Letter on the Wind: A Chanukah Tale by Sarah Marwil Lamstein
Once in a faraway village there was nearly a year without Hanukkah because the earth was too dry, and the trees could grow no olives to make olive oil to light their menorahs. Hayim, the poorest man in the village, decided to write a letter to the Almighty, though many of the other villagers called him foolish for this idea. The letter is carried by the wind to a merchant far away who delivers oil to the village. After a terrible misunderstanding is straightened out, Hanukkah is celebrated and there is never another year without olives or oil.
Zigazak: A Magical Hanukkah Night by Eric Kimmel
In this story two devils are flying over the town of Brisk one night when they spot some menorahs in the house windows. They decide to play some pranks on the villagers, causing their dreidels to sprout arms and legs, their latkes to rise out of the pan and sail around the room, and candles to explode like fireworks. The townspeople all go to visit the Rabbi who surprises the villagers with his reaction. Instead of cursing the devils he tricks them into giving them coins and then into transforming into cockroaches, saving Hanukkah from their evil.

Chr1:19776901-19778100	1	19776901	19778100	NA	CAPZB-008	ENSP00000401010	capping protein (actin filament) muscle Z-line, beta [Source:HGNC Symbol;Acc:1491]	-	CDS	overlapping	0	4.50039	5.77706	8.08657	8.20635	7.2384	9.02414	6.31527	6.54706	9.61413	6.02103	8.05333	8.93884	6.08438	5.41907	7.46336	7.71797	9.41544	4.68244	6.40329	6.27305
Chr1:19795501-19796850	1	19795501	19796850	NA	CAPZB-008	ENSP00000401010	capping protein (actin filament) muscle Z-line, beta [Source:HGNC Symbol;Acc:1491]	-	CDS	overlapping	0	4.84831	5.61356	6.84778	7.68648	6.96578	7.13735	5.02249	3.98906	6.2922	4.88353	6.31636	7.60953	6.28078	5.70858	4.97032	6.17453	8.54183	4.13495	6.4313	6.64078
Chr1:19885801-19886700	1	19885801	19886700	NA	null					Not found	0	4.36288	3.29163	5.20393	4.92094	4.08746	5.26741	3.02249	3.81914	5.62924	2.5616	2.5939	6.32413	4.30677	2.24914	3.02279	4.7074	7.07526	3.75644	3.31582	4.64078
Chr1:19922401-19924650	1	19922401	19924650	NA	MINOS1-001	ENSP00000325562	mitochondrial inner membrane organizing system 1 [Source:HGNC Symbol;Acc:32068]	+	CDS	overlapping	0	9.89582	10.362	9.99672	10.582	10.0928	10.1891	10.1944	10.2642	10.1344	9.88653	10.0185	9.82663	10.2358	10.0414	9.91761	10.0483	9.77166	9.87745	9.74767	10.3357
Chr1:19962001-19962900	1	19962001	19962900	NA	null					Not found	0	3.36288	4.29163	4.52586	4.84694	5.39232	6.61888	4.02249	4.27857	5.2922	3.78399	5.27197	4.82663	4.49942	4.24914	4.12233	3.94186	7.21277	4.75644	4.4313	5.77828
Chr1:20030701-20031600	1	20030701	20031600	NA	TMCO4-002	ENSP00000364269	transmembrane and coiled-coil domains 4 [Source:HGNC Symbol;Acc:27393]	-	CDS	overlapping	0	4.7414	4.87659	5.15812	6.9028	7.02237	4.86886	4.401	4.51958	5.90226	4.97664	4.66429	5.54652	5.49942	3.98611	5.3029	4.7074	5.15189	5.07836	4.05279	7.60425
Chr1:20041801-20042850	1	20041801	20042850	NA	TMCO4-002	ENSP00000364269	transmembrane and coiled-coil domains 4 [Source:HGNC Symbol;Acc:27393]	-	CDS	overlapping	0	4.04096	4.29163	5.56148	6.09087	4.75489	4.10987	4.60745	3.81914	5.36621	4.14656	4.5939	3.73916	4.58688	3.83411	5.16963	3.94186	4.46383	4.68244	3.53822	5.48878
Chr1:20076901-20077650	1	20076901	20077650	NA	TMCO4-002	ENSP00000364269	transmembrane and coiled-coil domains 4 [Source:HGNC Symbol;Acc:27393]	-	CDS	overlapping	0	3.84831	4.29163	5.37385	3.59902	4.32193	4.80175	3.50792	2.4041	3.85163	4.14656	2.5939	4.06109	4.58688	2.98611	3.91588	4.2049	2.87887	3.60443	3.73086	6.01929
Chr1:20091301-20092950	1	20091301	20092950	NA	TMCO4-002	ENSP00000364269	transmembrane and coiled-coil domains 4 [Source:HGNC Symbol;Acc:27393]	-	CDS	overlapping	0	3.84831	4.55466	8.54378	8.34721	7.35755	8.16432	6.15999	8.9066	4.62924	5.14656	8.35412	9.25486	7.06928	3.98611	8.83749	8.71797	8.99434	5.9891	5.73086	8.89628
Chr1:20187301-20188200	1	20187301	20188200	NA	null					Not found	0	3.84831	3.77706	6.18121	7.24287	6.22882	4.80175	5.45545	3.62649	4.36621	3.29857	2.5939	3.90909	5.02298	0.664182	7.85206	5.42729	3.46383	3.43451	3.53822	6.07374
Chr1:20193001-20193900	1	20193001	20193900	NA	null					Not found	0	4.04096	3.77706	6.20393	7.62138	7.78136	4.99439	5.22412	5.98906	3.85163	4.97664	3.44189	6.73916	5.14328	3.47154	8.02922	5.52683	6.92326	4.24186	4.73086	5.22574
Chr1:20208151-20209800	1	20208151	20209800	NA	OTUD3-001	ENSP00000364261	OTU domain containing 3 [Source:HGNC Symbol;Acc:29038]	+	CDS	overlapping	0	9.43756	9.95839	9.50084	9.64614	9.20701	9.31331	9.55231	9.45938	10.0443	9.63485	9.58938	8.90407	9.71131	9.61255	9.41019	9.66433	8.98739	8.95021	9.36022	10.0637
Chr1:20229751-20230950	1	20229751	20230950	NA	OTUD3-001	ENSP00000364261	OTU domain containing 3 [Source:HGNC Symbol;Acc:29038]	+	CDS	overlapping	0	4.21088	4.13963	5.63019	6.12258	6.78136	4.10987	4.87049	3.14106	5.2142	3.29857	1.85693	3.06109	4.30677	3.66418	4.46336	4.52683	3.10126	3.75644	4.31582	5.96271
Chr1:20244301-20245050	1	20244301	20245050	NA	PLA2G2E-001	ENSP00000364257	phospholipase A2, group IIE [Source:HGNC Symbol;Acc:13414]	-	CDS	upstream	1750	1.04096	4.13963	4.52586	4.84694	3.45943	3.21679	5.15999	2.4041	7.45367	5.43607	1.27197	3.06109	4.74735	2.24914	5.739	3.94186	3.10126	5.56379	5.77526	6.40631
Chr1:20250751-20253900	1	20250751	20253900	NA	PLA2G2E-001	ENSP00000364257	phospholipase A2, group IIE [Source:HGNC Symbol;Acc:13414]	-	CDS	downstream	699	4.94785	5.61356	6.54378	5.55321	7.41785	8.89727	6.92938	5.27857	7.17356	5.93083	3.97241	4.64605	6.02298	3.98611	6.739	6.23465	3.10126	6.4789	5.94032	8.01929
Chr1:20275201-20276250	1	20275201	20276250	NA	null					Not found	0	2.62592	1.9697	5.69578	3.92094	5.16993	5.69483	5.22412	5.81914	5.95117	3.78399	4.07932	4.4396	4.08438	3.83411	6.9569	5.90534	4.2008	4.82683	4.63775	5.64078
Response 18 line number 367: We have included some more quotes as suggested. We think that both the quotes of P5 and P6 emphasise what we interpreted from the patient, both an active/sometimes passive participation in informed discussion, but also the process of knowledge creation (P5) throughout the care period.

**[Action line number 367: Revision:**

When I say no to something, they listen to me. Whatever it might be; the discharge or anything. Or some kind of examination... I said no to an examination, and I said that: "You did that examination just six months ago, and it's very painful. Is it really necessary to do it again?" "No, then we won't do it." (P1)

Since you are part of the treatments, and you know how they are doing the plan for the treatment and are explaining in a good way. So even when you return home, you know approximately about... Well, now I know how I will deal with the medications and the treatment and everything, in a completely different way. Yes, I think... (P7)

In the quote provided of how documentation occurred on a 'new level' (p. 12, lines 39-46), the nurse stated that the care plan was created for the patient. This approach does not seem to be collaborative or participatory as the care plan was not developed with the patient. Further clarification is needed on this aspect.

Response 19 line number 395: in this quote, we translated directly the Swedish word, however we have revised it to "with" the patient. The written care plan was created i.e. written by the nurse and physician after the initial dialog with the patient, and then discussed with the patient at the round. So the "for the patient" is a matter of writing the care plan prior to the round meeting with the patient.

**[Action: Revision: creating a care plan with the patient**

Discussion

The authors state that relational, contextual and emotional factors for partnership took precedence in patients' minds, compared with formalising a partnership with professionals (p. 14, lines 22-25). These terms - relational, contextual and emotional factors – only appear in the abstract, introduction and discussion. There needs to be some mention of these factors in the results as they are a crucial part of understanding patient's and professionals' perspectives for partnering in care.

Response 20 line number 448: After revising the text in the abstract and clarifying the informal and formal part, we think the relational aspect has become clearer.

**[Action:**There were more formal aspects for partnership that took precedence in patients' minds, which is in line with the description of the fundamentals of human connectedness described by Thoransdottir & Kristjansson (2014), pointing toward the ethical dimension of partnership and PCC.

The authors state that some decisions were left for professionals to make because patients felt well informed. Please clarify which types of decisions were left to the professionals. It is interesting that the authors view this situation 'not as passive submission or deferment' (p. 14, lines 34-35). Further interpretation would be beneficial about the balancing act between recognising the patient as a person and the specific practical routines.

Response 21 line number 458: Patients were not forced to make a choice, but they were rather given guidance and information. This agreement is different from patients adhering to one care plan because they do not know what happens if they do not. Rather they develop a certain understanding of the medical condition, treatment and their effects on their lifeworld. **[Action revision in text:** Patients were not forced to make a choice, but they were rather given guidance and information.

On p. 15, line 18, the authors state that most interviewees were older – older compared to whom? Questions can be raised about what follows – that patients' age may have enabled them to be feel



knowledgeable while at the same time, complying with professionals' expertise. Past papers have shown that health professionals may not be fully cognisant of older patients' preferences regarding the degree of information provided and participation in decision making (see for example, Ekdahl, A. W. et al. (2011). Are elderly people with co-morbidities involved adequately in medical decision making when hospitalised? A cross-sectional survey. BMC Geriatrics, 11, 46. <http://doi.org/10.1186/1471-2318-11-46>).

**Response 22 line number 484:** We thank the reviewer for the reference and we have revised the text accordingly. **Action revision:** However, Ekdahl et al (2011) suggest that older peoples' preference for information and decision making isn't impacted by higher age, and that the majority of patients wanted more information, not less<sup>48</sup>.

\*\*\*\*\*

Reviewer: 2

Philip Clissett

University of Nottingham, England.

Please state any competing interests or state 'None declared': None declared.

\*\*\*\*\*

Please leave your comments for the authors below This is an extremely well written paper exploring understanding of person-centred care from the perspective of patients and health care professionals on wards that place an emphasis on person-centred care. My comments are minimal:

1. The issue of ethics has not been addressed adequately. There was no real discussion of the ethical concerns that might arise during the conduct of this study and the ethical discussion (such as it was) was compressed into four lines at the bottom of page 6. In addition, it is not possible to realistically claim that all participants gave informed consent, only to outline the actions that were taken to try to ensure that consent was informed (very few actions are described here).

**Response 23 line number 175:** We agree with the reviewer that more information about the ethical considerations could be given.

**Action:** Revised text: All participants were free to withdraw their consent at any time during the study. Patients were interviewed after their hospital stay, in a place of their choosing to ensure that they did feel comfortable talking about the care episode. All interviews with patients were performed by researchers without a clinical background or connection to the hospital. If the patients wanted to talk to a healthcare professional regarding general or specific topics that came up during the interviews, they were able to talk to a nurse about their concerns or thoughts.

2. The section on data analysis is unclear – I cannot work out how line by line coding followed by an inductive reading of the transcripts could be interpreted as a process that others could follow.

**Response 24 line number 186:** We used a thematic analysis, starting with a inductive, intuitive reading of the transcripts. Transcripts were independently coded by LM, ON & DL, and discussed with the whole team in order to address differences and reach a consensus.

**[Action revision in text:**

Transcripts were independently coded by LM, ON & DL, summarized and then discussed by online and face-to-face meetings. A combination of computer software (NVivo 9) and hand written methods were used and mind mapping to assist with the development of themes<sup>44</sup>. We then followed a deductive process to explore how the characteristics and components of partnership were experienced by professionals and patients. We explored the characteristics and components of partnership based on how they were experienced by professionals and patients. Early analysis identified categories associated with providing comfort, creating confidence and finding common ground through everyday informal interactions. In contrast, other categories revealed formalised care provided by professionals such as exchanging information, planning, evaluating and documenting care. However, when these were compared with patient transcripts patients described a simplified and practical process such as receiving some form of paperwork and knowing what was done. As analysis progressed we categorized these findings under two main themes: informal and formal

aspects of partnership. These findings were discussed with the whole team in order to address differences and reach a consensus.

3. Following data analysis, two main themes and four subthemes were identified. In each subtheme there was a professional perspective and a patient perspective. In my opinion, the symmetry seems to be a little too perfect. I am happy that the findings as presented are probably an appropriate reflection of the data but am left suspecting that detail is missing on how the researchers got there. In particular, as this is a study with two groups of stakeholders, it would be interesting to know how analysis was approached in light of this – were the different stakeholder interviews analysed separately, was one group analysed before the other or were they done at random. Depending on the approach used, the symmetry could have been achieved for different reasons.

Do you have a favorite holiday story not on this list? Please share it in the comments!
||posted by Rachel, Golden Library
DECEMBER 4, 2012
Celebrate Lagniappe in Olde Town Arvada
Tonight, December 4th, marks the annual Lagniappe (lahn-yap) celebration in Olde Town Arvada. A lagniappe is a small gift that is given to a customer at the time of purchase. Head down to Olde Town and join in as local business owners thank patrons with small gifts of appreciation such as hot chocolate and cookies.
The Mayor will begin the festivities by lighting the Tree in Town Square. Olde Town will glow with holiday lights, carolers will sing traditional holiday songs, and Santa will be waiting to meet young children and listen to the Holiday wishes! To get more information visit the Historic Olde Town Arvada website.